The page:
Finding opportunities in the uncertainty
Considering how long we have been in lockdown and the uncertainty around when life will go back to normal, we are faced with a situation in which we need to decide whether we are going to adapt or not, and what that looks like for different industries. We need to adapt in a way that allows businesses to thrive without risking the lives of people since the pandemic is still spreading at an alarming rate. So, what are the possibilities?
The tech industry has everything required to buttress every industry as they make efforts to adapt to the new normal. Take the tourism industry, for instance; virtual reality can be used to bring the travel experience into the home. As noted by Kamogelo, “If you haven’t thought about how tech will have an impact on your industry, then you are going to fall behind.” There is also a need to debunk the myth that technology will take over people’s jobs. In striving for innovation, we also need to constantly work towards inclusivity, an important factor of which is skills development.
Kamogelo believes that, on the journey to rebuilding South Africa, we need to focus on the following three important sectors:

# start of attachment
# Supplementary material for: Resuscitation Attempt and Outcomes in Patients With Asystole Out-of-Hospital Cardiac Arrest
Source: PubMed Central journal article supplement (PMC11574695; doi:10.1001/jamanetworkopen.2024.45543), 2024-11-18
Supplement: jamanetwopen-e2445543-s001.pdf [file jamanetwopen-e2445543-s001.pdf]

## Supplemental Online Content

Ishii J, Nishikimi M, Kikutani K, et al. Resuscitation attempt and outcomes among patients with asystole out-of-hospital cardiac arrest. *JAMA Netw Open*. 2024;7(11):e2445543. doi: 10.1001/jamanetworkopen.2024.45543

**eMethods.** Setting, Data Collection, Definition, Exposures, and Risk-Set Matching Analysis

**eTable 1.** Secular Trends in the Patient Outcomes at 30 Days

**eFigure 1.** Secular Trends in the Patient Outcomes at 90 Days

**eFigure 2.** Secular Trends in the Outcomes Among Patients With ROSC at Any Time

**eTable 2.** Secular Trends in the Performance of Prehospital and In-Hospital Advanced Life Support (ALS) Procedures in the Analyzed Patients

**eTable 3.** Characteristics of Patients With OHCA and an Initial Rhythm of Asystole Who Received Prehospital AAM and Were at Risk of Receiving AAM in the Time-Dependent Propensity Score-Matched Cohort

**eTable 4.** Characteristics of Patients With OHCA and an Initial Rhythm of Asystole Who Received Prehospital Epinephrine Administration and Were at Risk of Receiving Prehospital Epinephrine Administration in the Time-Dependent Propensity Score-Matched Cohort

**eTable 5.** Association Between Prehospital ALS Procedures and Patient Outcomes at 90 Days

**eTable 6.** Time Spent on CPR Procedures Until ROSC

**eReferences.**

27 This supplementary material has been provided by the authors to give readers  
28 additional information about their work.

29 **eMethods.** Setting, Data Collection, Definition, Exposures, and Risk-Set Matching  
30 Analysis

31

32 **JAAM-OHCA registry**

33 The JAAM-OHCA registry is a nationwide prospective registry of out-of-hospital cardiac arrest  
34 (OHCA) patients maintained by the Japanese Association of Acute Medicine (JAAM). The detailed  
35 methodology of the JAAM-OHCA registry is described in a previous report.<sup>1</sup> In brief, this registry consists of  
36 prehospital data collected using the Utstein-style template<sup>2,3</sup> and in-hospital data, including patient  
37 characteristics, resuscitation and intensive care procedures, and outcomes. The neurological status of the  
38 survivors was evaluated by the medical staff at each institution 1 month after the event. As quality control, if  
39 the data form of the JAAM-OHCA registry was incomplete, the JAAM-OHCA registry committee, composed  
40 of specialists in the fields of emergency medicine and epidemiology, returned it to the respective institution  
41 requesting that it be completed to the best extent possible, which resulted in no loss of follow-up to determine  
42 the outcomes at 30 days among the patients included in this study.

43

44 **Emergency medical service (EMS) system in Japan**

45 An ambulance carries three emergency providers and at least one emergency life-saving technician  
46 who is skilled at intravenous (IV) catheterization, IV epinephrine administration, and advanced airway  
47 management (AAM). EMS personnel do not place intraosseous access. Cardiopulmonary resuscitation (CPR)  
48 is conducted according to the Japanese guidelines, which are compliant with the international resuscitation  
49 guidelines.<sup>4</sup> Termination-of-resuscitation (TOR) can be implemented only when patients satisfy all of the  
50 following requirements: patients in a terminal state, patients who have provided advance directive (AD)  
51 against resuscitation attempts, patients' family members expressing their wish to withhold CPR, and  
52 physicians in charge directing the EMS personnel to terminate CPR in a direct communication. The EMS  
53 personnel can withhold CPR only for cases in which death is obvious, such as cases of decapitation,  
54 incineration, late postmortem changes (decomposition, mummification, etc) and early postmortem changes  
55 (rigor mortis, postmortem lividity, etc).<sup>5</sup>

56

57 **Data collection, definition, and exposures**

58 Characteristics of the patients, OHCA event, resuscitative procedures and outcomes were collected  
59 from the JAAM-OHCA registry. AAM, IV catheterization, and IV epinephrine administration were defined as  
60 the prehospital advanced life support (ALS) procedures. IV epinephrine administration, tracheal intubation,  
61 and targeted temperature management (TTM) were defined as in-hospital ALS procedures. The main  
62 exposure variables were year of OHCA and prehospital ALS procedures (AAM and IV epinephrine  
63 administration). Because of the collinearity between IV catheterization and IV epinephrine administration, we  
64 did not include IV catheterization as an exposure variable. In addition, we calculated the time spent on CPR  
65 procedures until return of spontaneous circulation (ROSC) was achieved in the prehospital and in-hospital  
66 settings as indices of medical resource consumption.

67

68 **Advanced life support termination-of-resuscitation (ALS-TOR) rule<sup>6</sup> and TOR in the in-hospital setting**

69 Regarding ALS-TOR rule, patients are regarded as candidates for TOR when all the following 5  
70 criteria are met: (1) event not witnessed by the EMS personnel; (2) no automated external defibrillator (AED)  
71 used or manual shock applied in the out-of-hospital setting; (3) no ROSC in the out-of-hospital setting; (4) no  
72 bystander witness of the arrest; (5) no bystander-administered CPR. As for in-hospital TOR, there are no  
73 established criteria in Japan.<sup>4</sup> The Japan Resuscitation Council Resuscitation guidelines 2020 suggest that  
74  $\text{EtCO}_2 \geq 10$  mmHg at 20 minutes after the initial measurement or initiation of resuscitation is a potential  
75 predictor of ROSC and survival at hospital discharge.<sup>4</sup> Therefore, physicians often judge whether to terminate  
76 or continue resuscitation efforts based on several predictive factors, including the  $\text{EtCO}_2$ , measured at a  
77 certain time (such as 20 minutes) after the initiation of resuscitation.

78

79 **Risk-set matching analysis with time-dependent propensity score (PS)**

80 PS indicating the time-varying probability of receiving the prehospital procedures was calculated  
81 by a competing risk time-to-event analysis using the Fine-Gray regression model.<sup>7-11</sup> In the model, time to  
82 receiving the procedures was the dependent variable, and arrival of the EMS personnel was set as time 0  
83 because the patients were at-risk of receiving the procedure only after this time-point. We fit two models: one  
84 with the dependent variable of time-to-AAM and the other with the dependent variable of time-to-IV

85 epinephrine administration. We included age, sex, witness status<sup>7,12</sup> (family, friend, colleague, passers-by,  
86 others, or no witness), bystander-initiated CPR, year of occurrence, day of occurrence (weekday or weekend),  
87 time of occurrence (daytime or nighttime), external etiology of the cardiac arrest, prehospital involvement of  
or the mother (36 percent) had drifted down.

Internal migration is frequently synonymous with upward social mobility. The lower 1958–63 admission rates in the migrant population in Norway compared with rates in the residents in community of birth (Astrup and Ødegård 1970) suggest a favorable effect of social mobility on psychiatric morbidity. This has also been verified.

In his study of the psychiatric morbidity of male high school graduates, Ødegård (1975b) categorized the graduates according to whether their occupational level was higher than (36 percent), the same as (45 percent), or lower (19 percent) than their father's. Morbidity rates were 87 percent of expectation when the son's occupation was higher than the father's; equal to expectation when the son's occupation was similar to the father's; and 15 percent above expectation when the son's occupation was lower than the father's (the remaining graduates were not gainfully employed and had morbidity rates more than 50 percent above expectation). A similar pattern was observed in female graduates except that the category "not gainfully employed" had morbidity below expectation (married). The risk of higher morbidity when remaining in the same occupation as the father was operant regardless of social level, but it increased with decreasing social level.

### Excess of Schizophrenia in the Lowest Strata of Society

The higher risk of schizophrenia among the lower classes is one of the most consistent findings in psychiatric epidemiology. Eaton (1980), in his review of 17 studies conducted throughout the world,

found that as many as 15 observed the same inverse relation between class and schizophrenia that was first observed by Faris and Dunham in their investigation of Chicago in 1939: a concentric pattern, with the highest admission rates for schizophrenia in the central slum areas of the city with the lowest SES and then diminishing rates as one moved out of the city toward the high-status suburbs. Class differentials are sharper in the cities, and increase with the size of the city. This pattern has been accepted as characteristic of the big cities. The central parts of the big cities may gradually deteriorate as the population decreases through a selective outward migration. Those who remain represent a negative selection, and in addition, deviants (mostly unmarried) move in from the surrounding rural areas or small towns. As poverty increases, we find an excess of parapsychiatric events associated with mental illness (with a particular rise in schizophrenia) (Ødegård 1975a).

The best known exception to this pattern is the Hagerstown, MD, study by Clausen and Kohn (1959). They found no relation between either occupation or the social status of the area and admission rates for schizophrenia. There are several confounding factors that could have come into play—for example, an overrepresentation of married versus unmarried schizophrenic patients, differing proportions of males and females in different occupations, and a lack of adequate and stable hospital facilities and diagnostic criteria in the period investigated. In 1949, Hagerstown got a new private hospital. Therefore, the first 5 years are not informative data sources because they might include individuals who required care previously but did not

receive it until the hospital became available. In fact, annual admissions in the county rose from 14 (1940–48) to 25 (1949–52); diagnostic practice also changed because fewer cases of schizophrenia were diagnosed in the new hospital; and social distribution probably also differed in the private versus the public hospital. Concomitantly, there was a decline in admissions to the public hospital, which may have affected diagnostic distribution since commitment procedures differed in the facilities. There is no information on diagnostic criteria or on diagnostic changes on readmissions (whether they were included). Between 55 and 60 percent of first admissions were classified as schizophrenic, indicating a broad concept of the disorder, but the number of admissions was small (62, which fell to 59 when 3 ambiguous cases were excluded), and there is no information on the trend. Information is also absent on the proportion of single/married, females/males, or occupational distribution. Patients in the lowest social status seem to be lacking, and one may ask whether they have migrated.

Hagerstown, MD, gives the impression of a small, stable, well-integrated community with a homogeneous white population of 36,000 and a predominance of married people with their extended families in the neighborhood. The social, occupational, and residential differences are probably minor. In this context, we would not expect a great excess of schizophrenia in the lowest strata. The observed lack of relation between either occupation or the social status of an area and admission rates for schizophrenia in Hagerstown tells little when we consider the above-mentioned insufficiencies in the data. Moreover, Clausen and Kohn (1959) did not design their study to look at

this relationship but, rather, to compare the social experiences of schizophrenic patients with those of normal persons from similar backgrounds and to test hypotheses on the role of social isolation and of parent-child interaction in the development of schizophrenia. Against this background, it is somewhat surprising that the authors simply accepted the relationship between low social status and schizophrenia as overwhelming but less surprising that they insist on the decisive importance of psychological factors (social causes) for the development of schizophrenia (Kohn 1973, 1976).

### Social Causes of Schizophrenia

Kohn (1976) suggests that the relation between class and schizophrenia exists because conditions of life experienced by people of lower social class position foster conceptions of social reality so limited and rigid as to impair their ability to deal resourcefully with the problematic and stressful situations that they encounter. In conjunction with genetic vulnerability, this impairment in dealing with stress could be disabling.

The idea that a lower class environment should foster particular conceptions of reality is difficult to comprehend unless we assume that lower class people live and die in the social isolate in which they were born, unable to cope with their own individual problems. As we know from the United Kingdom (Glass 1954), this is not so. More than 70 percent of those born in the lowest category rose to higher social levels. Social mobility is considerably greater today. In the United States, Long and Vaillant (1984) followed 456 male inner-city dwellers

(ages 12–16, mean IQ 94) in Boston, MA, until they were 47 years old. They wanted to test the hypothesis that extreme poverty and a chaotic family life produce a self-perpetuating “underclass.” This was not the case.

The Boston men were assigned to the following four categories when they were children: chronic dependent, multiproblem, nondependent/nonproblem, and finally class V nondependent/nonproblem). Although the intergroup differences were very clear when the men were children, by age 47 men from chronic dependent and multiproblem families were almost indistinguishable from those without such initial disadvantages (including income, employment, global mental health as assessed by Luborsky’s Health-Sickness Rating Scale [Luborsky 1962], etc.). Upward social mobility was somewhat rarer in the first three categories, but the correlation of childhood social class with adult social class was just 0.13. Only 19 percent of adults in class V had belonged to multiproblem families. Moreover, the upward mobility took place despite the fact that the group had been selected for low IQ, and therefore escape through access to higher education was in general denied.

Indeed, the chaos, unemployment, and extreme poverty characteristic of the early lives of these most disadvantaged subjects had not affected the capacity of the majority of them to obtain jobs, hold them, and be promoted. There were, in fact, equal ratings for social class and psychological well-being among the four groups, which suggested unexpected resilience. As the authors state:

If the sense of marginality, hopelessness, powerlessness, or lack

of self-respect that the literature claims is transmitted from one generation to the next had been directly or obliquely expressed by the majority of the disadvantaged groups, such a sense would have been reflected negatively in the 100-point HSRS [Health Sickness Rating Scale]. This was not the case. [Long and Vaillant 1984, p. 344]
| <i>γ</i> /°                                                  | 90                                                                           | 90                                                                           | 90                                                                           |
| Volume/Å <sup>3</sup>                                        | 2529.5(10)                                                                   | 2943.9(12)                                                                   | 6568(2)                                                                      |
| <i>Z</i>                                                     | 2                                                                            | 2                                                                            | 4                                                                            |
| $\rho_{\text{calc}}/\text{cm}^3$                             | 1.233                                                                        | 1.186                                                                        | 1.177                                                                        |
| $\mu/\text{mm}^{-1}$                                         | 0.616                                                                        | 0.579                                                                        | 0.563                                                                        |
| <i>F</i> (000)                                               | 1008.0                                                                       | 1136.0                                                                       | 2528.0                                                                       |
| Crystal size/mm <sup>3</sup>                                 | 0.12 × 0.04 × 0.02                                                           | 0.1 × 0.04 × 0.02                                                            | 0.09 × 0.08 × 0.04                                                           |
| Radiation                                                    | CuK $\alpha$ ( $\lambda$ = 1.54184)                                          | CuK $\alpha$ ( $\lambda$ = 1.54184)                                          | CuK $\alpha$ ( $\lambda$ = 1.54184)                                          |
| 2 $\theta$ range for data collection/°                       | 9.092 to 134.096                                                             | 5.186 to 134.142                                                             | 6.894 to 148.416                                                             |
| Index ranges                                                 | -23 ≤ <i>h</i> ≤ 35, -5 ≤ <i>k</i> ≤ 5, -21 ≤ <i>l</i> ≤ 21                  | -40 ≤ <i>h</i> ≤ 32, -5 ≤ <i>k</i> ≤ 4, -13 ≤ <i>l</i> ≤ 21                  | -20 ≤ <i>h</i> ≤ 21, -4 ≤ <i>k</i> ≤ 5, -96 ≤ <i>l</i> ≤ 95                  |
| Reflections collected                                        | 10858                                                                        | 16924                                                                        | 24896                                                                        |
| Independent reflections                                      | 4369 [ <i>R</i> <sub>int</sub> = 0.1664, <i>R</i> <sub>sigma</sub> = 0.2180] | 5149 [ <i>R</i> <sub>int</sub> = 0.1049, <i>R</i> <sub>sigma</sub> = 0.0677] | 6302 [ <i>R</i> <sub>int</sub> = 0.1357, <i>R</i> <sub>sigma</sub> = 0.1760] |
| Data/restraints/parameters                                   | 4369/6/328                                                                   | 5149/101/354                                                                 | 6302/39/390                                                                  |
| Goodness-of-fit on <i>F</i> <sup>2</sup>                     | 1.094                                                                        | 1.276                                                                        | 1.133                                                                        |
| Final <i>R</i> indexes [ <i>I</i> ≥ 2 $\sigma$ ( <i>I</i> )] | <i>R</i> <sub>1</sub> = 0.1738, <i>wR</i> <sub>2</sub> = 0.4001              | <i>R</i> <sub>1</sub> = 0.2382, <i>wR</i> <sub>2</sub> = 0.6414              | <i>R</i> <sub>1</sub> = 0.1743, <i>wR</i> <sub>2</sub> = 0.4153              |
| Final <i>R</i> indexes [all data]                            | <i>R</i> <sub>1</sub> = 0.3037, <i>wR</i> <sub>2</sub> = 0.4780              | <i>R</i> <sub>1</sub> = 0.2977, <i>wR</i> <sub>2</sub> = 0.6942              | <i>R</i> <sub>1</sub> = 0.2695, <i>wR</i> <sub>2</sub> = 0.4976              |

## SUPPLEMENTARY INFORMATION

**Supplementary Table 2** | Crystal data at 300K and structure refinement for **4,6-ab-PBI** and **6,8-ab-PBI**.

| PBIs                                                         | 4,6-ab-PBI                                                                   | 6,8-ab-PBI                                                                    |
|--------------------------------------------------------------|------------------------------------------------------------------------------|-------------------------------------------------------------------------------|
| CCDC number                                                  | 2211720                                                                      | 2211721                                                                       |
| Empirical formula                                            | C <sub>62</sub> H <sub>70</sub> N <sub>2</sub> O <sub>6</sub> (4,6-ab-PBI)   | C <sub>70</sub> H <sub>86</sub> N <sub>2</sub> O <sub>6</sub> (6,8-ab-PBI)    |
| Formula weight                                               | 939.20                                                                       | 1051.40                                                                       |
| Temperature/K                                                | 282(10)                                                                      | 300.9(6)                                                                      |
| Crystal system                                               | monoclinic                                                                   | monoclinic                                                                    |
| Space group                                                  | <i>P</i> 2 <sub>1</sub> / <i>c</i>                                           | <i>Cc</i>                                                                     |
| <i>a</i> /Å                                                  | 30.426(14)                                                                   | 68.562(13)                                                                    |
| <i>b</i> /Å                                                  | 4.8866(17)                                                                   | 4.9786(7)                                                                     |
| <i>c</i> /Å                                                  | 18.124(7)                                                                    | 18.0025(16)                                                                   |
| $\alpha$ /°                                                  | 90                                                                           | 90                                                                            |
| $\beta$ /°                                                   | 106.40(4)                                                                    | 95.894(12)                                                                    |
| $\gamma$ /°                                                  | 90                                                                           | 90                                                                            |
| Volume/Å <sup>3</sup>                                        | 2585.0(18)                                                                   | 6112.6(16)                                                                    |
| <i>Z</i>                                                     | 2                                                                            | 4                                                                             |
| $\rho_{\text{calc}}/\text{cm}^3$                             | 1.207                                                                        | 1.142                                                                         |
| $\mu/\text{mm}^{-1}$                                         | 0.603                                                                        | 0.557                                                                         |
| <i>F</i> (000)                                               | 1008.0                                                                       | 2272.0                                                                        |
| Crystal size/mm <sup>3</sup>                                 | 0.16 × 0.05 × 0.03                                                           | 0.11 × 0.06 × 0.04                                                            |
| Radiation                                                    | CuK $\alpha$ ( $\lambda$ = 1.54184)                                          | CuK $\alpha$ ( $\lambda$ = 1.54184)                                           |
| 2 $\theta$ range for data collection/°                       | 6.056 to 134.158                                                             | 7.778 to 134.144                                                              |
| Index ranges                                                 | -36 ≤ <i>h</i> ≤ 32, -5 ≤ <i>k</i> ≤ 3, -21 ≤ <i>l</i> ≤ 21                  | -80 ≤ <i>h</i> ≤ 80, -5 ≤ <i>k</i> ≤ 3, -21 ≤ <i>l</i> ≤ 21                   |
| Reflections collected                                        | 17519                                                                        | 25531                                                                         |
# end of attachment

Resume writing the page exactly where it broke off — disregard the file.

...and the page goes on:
- Education: People need to have easier access to knowledge and information to help with learning and skills development. For this to happen, data costs need to go down. The government should consider negotiating with the big five data providers. They need to somehow find a way to subsidise those costs.
- Health: We must look into developing platforms that will make quality health services easily accessible to all South Africans.
- Agriculture: Agritech and biotech are going to be big, not only in South Africa but on the continent as a whole.
The way forward
COVID-19 has highlighted the urgency of tech accessibility in South Africa, especially as it pertains to education and employment. Adaptation has become the hallmark of the current age and we need to work hard to ensure that no one is left behind.
We need to accelerate the development of entrepreneurship and digital skills. “Innovation shouldn’t only be left to the government, corporate needs to focus on that. The government should focus on developing institutions that foster the growth of entrepreneurs, which will enable them to develop the innovation required. Other sectors need to invest in innovation, we cannot have the financial sector, banks specifically, leading digital innovation; companies in the ICT space need to be leading in that space.”
If we are to fully realise the potential of the Fourth Industrial Revolution in South Africa, and accelerate socio-economic development, we need to encourage young people to study IT-related subjects and provide the necessary mentorship and career guidance. There also needs to be more tech development projects for students, particularly those from disadvantaged communities, to help them improve their digital literacy and competence. Companies must identify ways in which they can play their part in cultivating digital skills and innovation. More independent digital companies, entrepreneurs and small companies need to start growing, and big corporates need to start investing in those companies aggressively.
To view the full Rebuilding South Africa Post COVID dialogue, click here.